LONDON (Reuters) – G7 government bonds? Check. Gold? Check. But that may not be enough as the coronavirus crisis accelerates a hunt for a wider pool of assets to better balance investment portfolios during stressful times.
FILE PHOTO: Traders wear masks as they work on the floor of the New York Stock Exchange as the outbreak of the coronavirus disease (COVID-19) continues in the Manhattan borough of New York, U.S., May 28, 2020. REUTERS/Lucas Jackson
Corporate and Chinese government debt are among alternatives being explored by multi-asset portfolio managers with mandates to invest across sectors, currencies and countries.
It’s been a moot point for years now whether U.S., Japanese and German bonds can adequately offset equity volatility. Given how relentlessly yields have fallen, many fear these bonds can no longer rally much when stocks fall – effectively losing the inverse correlation that made them a valuable defensive asset.
In fact Treasuries’ hefty rally in the recent crisis showed their safe-haven credentials remain intact. And U.S., German and other developed government bonds will always have a role as portfolio ballast, backed by conviction that these debts will never face default and can easily be bought or sold.
But the crisis has shown that even the safest of assets can succumb to panic — as global stocks tumbled during the volatile March 9-19 period, 10-year U.S. and German bond prices slid 9% and 7% respectively US10YT=RR DE10YT=RR.
Compare that to Bunds’ 10% price rally during the worst of the 2011 euro debt crisis between end-May and early-August.
“We do have a sense that things are shifting,” said Wouter Sturkenboom, who helps to formulate investment strategy for $350 billion in client assets at Northern Trust Asset Management.
He has reallocated 7% of his equity portfolio towards U.S. corporate debt, inflation-linked bonds and cash, instead of government debt as he would have done earlier.
“You can’t just rely on (government bonds) in this environment, you need to go through the whole risk-control bucket,” Sturkenboom added.
Similarly, Gavin Counsell, a multi-asset fund manager at Allianz Global Investors, said he had roughly halved exposure to UK gilts since early March and favours precious metals.
The traditional multi-asset strategy – an equity-dominated portfolio alongside a big dollop of government bonds – appeared to function less well this year than during past crises.
During the 2008 global financial crisis for instance, a portfolio comprising equity and government bonds in a 60:40 ratio would have lost 2%. But in March-April this year, a similar portfolio lost 13%, according to investment advisory firm BCA Research.
The reason bonds find it harder to move inversely to equities is that German and U.S. 10-year yields are 500 bps and 350 bps lower than they were on the eve of the 2008 crisis.
“A stronger cross-asset correlation is the worst nightmare for any portfolio manager, and this has been a defining feature of this crisis, prompting the search for alternative assets,” said Dhaval Joshi, chief European strategist at BCA.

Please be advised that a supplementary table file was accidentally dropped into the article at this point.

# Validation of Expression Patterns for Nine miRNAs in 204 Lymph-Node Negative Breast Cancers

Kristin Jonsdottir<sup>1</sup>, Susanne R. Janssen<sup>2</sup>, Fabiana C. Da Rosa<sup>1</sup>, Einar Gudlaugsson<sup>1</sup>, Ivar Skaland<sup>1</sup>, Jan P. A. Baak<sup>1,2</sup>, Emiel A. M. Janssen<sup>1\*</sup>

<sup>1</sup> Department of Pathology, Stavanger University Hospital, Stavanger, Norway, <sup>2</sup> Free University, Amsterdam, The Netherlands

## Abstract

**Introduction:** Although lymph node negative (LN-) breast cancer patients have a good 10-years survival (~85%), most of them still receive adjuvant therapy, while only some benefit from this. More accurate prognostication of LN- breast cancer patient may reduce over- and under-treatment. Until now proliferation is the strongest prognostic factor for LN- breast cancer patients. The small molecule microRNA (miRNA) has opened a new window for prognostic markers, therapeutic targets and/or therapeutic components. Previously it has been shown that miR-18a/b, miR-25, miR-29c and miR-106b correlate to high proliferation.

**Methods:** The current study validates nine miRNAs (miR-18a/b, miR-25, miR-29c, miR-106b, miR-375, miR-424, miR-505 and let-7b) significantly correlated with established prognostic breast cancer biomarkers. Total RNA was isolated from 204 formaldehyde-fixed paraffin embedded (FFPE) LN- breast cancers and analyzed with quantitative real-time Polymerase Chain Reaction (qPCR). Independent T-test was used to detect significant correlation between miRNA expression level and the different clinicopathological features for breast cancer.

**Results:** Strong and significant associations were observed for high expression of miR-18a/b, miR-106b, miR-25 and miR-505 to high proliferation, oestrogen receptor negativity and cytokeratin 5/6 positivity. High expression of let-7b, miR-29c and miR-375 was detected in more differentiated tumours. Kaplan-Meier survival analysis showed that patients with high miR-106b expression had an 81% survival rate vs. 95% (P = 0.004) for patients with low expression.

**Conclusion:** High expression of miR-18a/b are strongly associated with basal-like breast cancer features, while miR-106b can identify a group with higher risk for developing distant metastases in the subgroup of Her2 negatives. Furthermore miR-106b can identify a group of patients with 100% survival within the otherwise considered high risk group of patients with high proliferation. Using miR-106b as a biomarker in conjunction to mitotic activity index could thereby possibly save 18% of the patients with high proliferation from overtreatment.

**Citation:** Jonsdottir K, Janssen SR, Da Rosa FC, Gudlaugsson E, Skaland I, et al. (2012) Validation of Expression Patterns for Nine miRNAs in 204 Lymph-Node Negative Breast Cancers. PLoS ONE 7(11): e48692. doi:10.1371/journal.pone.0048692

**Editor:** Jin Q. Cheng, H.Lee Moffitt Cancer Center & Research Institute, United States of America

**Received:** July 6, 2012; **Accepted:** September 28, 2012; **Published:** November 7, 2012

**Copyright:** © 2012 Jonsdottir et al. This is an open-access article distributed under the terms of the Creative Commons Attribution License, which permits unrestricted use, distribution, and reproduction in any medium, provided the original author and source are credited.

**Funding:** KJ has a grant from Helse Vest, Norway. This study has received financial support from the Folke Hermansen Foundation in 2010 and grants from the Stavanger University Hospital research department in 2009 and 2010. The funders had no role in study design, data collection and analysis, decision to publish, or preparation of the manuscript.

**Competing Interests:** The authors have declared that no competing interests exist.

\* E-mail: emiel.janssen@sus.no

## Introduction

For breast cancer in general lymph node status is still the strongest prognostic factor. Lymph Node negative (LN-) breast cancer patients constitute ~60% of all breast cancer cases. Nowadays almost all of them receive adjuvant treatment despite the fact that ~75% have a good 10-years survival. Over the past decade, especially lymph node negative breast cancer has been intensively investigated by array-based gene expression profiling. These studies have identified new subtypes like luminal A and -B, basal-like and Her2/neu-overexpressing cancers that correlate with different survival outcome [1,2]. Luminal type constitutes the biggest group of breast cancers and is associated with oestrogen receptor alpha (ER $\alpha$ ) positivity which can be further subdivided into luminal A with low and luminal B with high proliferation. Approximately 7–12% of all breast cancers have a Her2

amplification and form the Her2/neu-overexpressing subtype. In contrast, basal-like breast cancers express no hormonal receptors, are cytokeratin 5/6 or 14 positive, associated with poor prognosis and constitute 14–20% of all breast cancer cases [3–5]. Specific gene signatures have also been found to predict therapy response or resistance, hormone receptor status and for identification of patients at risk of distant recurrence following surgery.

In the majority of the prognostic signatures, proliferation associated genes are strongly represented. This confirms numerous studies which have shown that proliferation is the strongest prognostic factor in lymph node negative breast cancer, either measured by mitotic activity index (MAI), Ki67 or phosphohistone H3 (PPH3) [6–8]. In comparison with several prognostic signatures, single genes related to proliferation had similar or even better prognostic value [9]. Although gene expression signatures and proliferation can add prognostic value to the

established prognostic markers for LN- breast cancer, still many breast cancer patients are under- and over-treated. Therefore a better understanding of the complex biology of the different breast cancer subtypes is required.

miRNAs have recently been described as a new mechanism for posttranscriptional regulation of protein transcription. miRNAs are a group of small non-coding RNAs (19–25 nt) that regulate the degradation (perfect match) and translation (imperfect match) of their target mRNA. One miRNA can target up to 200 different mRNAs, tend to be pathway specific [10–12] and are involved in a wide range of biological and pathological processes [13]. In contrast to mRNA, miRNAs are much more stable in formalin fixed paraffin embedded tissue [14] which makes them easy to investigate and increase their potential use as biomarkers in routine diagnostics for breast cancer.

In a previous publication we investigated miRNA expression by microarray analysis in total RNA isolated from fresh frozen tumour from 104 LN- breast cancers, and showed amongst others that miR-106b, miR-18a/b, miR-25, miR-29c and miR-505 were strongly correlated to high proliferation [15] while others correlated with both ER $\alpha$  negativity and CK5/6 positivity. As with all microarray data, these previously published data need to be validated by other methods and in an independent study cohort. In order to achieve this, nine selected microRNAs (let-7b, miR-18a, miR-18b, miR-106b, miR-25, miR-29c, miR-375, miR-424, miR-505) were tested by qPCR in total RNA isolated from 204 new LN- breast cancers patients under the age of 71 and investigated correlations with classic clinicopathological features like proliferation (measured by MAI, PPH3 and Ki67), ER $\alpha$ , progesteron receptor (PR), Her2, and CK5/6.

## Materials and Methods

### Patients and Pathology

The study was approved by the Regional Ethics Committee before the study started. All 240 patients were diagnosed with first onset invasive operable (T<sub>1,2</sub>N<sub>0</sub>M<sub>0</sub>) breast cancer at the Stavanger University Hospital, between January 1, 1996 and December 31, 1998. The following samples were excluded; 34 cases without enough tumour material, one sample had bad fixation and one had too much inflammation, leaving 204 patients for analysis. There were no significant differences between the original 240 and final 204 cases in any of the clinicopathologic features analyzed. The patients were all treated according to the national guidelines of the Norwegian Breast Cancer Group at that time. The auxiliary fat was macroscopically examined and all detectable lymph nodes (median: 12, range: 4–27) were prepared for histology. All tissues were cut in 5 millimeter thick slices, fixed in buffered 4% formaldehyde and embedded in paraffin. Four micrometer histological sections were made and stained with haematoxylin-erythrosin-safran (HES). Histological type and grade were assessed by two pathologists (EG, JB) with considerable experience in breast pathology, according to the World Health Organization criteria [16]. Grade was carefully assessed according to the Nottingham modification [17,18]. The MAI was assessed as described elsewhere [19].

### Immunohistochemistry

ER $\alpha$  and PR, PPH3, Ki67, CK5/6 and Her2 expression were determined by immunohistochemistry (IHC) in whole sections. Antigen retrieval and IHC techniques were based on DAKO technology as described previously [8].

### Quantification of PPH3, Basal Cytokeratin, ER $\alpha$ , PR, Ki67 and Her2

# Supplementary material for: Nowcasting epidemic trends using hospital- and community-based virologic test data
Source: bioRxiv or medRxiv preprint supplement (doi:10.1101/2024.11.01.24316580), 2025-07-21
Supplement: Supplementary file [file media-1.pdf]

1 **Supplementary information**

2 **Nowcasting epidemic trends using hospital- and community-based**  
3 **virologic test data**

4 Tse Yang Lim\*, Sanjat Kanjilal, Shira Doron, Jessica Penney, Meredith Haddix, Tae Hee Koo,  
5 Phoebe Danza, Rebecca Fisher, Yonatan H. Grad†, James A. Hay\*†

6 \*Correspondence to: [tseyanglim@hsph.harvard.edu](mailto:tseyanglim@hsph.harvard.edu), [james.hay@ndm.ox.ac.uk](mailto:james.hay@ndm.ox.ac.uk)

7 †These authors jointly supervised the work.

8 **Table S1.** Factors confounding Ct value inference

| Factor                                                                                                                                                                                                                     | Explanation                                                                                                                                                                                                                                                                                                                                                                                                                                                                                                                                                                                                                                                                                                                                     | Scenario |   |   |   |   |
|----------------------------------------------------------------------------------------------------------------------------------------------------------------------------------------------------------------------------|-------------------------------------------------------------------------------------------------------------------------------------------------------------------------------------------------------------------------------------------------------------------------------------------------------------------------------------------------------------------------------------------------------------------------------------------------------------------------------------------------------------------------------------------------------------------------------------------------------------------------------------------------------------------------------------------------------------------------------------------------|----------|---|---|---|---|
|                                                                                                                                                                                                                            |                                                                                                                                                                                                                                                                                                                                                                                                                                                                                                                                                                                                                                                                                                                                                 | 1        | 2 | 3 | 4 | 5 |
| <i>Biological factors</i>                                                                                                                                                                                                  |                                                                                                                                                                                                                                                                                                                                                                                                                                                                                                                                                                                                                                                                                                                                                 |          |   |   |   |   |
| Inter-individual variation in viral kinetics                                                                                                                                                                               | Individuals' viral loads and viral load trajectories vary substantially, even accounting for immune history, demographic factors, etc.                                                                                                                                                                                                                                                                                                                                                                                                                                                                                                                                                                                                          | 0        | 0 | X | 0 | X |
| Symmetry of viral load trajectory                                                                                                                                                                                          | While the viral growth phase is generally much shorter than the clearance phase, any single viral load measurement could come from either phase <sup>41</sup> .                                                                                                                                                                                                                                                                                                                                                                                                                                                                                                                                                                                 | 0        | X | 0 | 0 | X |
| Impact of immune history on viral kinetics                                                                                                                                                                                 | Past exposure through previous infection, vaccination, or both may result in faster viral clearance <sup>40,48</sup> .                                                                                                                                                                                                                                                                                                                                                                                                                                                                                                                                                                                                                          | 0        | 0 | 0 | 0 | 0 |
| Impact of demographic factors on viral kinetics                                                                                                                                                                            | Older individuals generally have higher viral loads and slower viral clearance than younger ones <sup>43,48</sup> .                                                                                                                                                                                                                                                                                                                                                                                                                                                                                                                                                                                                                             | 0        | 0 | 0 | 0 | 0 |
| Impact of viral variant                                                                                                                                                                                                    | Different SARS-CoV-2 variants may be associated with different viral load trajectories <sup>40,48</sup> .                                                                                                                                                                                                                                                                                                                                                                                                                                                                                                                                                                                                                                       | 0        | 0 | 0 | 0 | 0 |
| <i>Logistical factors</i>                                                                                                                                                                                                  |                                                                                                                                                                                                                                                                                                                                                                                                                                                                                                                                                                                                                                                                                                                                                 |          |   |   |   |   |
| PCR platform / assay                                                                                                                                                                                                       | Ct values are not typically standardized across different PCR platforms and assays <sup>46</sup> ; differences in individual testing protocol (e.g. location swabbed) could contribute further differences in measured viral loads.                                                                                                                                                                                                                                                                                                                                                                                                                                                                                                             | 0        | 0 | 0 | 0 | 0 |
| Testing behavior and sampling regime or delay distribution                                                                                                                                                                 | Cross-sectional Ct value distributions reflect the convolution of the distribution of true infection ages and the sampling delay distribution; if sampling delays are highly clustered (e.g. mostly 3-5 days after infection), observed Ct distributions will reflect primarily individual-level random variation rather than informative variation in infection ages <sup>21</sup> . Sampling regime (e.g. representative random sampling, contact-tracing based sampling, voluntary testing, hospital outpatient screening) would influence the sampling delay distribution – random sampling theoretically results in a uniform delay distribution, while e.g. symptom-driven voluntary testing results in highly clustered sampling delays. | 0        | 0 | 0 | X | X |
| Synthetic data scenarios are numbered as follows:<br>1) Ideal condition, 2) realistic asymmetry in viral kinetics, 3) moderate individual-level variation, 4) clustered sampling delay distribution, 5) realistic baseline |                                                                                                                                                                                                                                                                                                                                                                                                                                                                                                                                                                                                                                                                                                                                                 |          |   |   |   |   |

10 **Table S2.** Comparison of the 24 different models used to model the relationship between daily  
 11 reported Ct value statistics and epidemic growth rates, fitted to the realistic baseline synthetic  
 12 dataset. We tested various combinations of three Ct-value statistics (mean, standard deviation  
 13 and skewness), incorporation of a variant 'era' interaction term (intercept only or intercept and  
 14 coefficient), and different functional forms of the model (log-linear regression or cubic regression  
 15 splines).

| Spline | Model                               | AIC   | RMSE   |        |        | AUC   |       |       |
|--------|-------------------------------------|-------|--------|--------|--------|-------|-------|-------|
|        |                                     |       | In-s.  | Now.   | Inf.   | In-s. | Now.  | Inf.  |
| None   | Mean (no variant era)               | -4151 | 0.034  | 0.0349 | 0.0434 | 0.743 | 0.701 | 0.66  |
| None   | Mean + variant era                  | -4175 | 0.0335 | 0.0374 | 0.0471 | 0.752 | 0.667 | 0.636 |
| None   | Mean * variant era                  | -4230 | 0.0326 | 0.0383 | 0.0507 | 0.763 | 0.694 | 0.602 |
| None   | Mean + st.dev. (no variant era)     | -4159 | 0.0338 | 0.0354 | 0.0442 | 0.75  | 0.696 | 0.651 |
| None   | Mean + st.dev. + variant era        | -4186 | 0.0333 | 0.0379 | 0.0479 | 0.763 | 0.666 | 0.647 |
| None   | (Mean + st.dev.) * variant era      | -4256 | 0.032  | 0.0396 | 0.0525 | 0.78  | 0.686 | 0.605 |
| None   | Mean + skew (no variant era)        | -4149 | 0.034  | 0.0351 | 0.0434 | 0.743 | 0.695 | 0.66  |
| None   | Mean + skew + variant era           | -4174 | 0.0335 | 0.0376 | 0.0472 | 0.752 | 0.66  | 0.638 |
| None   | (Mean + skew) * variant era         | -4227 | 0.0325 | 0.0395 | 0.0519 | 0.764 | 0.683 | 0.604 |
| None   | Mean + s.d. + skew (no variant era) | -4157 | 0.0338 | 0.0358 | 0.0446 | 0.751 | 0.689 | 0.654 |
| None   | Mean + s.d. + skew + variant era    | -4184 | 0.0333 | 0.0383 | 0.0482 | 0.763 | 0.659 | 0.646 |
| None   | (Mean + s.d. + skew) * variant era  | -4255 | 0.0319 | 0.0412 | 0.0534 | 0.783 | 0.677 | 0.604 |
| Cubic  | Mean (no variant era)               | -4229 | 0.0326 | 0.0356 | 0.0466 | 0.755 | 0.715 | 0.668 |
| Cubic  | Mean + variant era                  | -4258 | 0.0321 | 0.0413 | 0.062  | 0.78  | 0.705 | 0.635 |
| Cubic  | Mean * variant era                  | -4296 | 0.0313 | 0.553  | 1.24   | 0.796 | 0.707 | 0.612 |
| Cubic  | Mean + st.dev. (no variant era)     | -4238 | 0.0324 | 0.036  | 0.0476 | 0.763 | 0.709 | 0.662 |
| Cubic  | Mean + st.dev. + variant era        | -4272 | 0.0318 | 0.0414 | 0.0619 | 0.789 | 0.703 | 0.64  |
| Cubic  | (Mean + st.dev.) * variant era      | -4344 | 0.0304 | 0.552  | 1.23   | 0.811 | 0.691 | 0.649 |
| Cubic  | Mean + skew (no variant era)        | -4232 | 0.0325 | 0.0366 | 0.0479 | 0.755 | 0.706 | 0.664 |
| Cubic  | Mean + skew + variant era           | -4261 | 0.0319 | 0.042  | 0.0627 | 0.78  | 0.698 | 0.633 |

GRAPHIC: Correlations: Stocks, Bonds and Commodities – here
Luckily for investors, the U.S. Federal Reserve’s decision to include company debt in its stimulus programme has sharply expanded the pool of potential ‘safe’ assets, adding $7 trillion in top-rated corporate bonds to the existing $20 trillion in government debt, Fed and IHS Markit data show.
In Europe too, $2.4 trillion of top-rated credit is eligible for European Central Bank purchases – on top of $8 trillion in government debt.
Investors pumped a record $20.8 billion into investment grade corporate bonds in the week to June 3, according to BofA.
“Investment-grade paper … is the new Treasuries as it has the backing of the Fed,” said Jack McIntyre, fixed income portfolio manager at Brandywine Global.
“I would bypass some of these traditional safe haven markets to buy (IG) debt. Treasuries have an explicit guarantee from the government but IG credit has an implicit guarantee from the Fed.”
Some are casting their net wider.
Stuart Rumble, an investment director at Fidelity Investments is exploring Chinese government bonds as a diversification strategy – noting their lower correlation to global equities.
They also pay a reasonable income – at 2.8% for 10-year paper they provide a 250-300 bps pickup over U.S. and European debt.
GRAPHIC: Government bond yields during crises – here
BlackRock’s head of Asian Credit, Neeraj Shah, predicts a greater shift towards Chinese debt for portfolio diversification.
While emerging market bonds usually move in line with equities and other risk assets, Chinese government bonds increasingly go in the other direction – behaving like Treasuries or Bunds.
In the first quarter of 2020, they gained nearly 5%, contrasting with a 15% drop in emerging market bonds .JGEGDCM. They have also outperformed U.S. Treasuries and German Bunds this year on a volatility-adjusted basis, Refinitiv data shows.
What about parking cash in money market funds?
Investment advisers say that in countries such as Germany where one literally pays to hold cash, even conservative investors are increasingly willing to deploy the cash in equities and use option hedges to protect those positions.
“I had a call last week with a traditional German family office CEO who has never used options,” said Christian Mueller-Glissmann, managing director of portfolio strategy and asset allocation at Goldman Sachs.
“And he essentially said it’s time to start talking about put options.”
GRAPHIC: Asset Class Returns – here
Reporting by Saikat Chatterjee and Dhara Ranasinghe; Graphics by Ritvik Carvalho; Editing by Sujata Rao and Susan Fenton